The Meaning Of John 3:16 God So Loved The World
John 3:16 has one of the most surprising statements in all of Scripture: “For God so loved the world that he gave his only begotten Son so that everyone who believes in him may not perish but may have life. eternal ”. God’s love is so immense, and so amazing, that God loves the world so much. But what does that mean? We could measure God’s love, knowing that He loved the world.
God so loved the world that He sent His own Son to die for all mankind. That’s how great God’s love is. And while it may seem surprising that God can love so many people at the same time, I don’t think that’s the measure that John is using here to show us the greatness of God’s love.
Let’s not forget who this God is who so loved the world. Our God has no limits of any kind in any of his attributes. The prophet Isaiah says that all the water of all the oceans fits in the hollow of his hand and that He can measure the Universe with his span. And if all this were not enough, He knows by name each one of the stars of each one of the galaxies. “Such is the greatness of His might, and the might of His dominion,” it says in Isaiah 40:26.
So we cannot measure the greatness of God’s love by taking as a reference the number of people that populate our planet. That would be as surprising as the fact that an Olympic weightlifter was able to lift a grain of rice.
How to interpret how much God loves the world
Not all people are saved. So if the word “world” here refers to every human being who has lived, lives, and will live on the planet, we must conclude that the only thing that God did for all of us was to open the way of salvation and then leave in their hands the possibility of saving us.
Well, we must interpret this passage in such a way that God loved every human being who has lived lives and will live in this world in such a way because he gave his only begotten Son to make it possible for any of us to have access to it. kingdom and can be saved, but without ensuring the salvation of anyone. Since it depends on our will if we choose the way of salvation that God offers us.
But we can’t interpret this text in that way. If God left the final decision to accept Jesus in our hands, no one would be saved, because no man in his natural state is inclined to believe in him and submit to his authority.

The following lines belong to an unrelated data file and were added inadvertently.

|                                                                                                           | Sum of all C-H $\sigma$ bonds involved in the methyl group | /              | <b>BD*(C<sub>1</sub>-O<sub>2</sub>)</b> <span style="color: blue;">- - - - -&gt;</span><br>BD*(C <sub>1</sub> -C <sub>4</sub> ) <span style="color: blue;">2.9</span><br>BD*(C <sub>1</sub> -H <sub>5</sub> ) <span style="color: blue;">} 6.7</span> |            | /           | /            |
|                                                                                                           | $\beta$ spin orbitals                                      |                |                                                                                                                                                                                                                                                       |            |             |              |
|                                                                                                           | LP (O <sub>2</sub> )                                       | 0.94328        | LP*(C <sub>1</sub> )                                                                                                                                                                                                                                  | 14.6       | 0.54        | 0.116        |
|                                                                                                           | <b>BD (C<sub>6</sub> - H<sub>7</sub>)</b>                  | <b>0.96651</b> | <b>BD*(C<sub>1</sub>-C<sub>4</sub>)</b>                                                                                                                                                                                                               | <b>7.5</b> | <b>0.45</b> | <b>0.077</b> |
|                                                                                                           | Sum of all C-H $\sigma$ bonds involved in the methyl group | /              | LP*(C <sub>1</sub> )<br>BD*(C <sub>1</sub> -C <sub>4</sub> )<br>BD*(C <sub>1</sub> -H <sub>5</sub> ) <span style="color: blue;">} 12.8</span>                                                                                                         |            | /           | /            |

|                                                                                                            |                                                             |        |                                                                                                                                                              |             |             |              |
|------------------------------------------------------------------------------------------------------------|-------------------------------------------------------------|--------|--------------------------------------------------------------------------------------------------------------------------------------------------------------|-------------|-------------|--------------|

Listen to what John continues in verses 19 to 20: “And this is the condemnation: that light came into the world, and men loved darkness more than light because their works were evil. Because everyone who does wrong hates the light and does not come to the light so that their works will not be rebuked.
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That is why it clearly says that everyone who does wrong is because he hates the light. So how many people in the world do wrong? Each one of them, as Paul says in Romans 3:12: “there is no one who does good, there is not even one.”
So if God the Father had limited himself to sending His Son to die for all the inhabitants of the planet, and then had left the final decision of salvation in our hands, no one would have been saved. But Christ came into the world to save and not simply to create the possibility for someone to be saved.
What does it mean, then, how much God loved the world?
When John uses the word “world” in his gospel, it is generally to refer to the system of evil that prevails in this world and that is radically opposed to God and His ways. Later, in chapters 14 through 16 of the Gospel of John, the Upper Room address, one of the prominent themes of that address is the opposition that the world raises against Christians for the simple fact of being Christians: “If the world He hates you, know that he has hated me before he hated you ”(John 15:18). It is because of the hatred that the world feels for Christ that the world hates all who are His. But it was precisely out of love for that world that it hates Him, that God the Father sent His Son.
As the theologian Benjamin Warfield says, what John wants to show us in this text is not “that the world is so big that it takes a lot of love to encompass everything, but that the world is so bad that it takes a love” too big to be able to love him, and especially when we think about the fact that that love cost him to deliver his Son. That God, Warfield continues, “whose holy justice is inflamed with indignation at the sight of all iniquity, and whose absolute holiness turns away in horror from any impurity, loves this sinful world in spite of everything… in such a way that he has given his only begotten Son to die for him
God, by giving his only-begotten son to die on the Cross for the sin of humanity, demonstrated the great love he has for his creation, which allows us to choose if we want to receive that love by being saved by the one whom he Shipping.
If you have not yet experienced the love of God, then I invite you to recognize Jesus Christ as your Lord and Savior so that you can experience the wonderful love, comfort, and joy that nothing can give you but the Father … God bless you.